I tried to speed up but my arm buckled, driving my face into the abrasive surface, stars dancing in my eyes as the smell of ancient death filling my nostrils. I righted myself and pressed forward at a slower gait, awkward on all fours and limping on my bad arm, but it was the best I could do. Blood oozed from my forehead and fell in fat drops off the tip of my nose, exploding in flame when they struck the earth inches below my face. My trail was getting brighter.
Forward. Finding a rhythm in my crawl even as the ancient mud tears at my hands, moving faster now than I thought possible. The mountains nearer. The pain distant, someone else’s pain, the blood someone else’s blood. The air itself more expressive, filled with hidden messages: the fetor of decay. All around me were the graves of others, even their bones ground to dust, only the scent of death to mark the places they had fallen. As I neared the mountains the graves grew closer together.
My own scent, I knew, would be waiting for the next to attempt the wasteland. I was not going to make it.
The breeze shifted, found a direction. The smell of wolves, close behind me, a coarse, honest smell, pungent with the excitement of the hunt. I sped up, surprising myself with my pace for a few hopeful moments before my shoulder gave out and I was down and the wolves were on me, past me, arrayed in front of me in an arc, blocking my path. I lowered my head and laid my ears flat back; I showed my teeth and growled, and I discovered I was also a wolf.
“Let me pass.”
A female, tail lowered but ears back, deferential but prepared. “No, Shaman.”
Memories. Images from before my awakening, from a different life. Hunting, running. Wolf. I looked to the mountains, heard them whisper to me and fragments of memories scattered. Behind I knew the sun would soon rise and all would be lost.
“I must go to the mountains.”
“It is forbidden.”
“Forbidden by whom?” I allowed a snarl to creep into my voice.
The female hesitated and I could smell her frustration. “By you, Shaman, and all who came before.”
A male, barely more than a pup, couldn’t keep silent any longer. “Ha! Old Dog! That was a hell of a run you gave us! Even on two legs!” He danced with the energy of youth, barely winded from the long run. I felt a twinge of pride, its source a mystery. A cub, newborn. Something is wrong. And I — what? I do something — twisting the light of the moon and making the pup whole; he stands on tottering legs and finds his mother’s teat. The mother’s eyes wide, looking up at me with wonder and gratitude.
The female turned to the youngster. “Show some respect.”
“You would have died a whelp if it weren’t for the shaman’s skill,” another female added.
While their attention was on the youth I edged to the side, hoping to slip out of their arc and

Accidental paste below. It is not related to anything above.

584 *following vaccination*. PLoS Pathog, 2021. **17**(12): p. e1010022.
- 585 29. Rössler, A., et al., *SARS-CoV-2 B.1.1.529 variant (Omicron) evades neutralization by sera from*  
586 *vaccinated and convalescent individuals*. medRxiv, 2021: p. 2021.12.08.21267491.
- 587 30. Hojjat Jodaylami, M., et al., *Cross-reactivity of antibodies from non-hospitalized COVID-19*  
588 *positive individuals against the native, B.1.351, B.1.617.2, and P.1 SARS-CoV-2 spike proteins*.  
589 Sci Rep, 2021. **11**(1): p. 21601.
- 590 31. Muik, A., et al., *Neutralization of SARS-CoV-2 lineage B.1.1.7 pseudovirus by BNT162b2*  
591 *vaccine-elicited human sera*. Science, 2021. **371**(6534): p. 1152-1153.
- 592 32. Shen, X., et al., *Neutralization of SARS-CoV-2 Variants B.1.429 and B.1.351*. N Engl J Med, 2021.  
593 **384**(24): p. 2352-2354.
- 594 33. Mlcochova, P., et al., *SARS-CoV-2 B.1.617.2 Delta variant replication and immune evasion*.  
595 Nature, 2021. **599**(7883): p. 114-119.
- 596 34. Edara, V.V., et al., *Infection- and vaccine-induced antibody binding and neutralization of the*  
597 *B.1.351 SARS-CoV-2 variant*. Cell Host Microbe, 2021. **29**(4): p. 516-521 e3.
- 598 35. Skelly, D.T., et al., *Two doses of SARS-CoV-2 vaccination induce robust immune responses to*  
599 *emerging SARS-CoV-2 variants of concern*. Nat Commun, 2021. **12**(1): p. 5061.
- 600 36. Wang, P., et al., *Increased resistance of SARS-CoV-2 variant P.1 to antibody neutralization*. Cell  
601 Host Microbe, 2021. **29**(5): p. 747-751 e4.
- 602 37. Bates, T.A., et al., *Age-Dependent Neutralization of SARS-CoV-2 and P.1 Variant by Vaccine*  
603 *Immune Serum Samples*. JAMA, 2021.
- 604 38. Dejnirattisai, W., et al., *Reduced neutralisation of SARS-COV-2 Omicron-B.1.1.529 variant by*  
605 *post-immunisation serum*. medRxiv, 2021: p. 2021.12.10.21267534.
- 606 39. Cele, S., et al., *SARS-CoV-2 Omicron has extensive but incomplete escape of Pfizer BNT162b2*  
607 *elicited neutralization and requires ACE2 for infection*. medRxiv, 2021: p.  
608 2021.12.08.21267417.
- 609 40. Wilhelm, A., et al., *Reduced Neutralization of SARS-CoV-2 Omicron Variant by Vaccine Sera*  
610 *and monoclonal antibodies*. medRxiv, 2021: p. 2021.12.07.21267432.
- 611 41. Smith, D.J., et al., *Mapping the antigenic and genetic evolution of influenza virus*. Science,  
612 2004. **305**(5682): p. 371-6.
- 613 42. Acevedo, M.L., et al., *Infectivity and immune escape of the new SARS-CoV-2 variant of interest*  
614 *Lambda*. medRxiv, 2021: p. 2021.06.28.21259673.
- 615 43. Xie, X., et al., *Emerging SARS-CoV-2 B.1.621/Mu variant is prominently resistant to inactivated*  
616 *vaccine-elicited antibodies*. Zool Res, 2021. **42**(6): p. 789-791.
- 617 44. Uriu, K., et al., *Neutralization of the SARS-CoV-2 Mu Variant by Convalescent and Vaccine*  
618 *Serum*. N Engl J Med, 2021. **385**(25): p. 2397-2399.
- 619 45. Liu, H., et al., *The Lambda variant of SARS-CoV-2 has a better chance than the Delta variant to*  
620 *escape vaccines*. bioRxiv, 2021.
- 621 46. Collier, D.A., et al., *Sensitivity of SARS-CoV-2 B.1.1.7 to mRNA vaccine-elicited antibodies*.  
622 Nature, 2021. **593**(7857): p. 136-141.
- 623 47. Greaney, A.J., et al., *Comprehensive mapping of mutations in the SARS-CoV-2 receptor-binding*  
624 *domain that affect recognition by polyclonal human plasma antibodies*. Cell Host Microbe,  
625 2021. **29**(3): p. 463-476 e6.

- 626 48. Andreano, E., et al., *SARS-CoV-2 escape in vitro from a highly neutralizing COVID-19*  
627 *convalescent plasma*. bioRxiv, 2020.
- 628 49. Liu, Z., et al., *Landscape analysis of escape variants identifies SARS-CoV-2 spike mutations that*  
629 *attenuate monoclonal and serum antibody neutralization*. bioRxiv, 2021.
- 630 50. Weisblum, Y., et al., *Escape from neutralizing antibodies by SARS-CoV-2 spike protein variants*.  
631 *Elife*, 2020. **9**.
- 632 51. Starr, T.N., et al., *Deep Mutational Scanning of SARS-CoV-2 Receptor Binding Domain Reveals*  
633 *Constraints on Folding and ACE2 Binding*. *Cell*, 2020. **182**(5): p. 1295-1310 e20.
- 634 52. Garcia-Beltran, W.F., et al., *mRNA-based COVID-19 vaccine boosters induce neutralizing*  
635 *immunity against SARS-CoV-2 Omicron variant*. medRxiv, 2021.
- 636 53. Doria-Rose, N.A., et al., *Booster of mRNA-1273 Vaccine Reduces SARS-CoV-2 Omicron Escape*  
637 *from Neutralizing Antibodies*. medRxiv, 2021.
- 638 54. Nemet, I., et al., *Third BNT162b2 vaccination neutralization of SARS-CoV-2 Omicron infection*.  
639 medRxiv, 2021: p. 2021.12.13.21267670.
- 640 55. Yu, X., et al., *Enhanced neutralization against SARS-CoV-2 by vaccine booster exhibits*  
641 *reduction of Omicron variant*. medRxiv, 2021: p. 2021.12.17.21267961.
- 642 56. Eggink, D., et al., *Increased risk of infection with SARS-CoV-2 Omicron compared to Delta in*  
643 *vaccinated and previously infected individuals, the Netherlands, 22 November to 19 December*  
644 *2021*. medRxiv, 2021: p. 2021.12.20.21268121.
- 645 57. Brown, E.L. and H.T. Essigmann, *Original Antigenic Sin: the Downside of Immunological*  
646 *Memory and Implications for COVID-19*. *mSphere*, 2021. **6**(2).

sprint for the mountains. The peaks were close now; I could feel the chill air sliding off their snow-clad flanks, rich with the fertile scent of forest. It smelled of shade, and game, easy hunts with plenty for all, long afternoon naps and no need of a shaman to protect the pack from evil.
The pack reacted to the smell differently; one sneezed, another whimpered softly.
The sun was coming; I could feel its rush toward the horizon, its urgent desire to catch me with its deadly rays. Panic rose sour in my throat. No time left. I lowered my head into a fighting posture and stood carefully so I wouldn’t reveal my weak foreleg. “I will reach the mountains.”
The largest male, the chief of the tribe, matched my posture. “You told us yourself to kill you rather than let you get there.”
Had I said that? It sounded familiar. “Why?”
The pack exchanged glances. A female spoke almost too low to hear, her voice a hiss. “Stalkers.”
Stalkers. With the word, another memory, cold in my stomach. Fear in the night. Circling us is a wolf, or something wolf-shaped, smelling of rotting flesh, gray fur hanging in long strips, eyes filmy white. “The shaman of Long Tooth clan,” someone near me says. Around us lie wolves, bleeding, dead. The pack is shielding me, a pup, but it is I who must fight. It is I the stalker seeks. I carry the blood of the moon.
The pack leader watched me, his yellow eyes narrowed. “Think, Shaman. Remember. The blood is strong in you, so strong it burns the sand of this cursed plain. If the mountain spirits took you, you would destroy us all.”
The peaks glowed pink in the predawn light. I had never been so close before.
Before. As I prepared to make a last desperate dash the sun broke the eastern horizon and the mountains stood before me, barren, dead. In the light of the new day there was no snow on the peaks, no forest climbing the slopes. The sweet smell on the air turned to ash and dust and something bitter I had tasted once before.
The stalker, dead, its blood cold on my tongue. I retch and spit the unclean flesh, step away from the corpse. Where it lies, no plant will ever grow again.
Before. There had been many befores, many moonlit nights on two naked legs, called by the mountains. I looked at the ring of faces, my clan, my friends. I saw their concern and their fatigue, and I saw their unquestioning loyalty to another member of the pack.
The female spoke, still formal, still cautious. “Your power yet grows, shaman. The scent of the decoy you left stayed true for many hours.”
With the memory comes shame. I lowered my tail. “I’m sorry,” I said.
My chieftain, my brother, spoke. “We are fortunate to have the blood of the moon in our pack. If we pay a price when the moon is full, it’s nothing compared to the price you pay.”
The cold mountain air touched me again and my hackles stood. Not from the chill, but from something else, brooding, hateful, thirsty for blood that has been touched by the moon. The Life Eaters, the shamans call them. I could feel them watching me, feel as they reached out through the wind to touch me with an icy claw. Few shamans had felt that touch without surrendering their lives to the dark ones who lived there. I did not count myself fortunate.
“They’re close,” I said. The pack was uneasy; they felt it too. “Let’s go,” our chieftain called out. “This is not a friendly place, and we are a long way from home.”
Two of the younger wolves flanked me, offering support. Gratefully I accepted and we began the journey back to the shelter of the distant forest, safe for another month.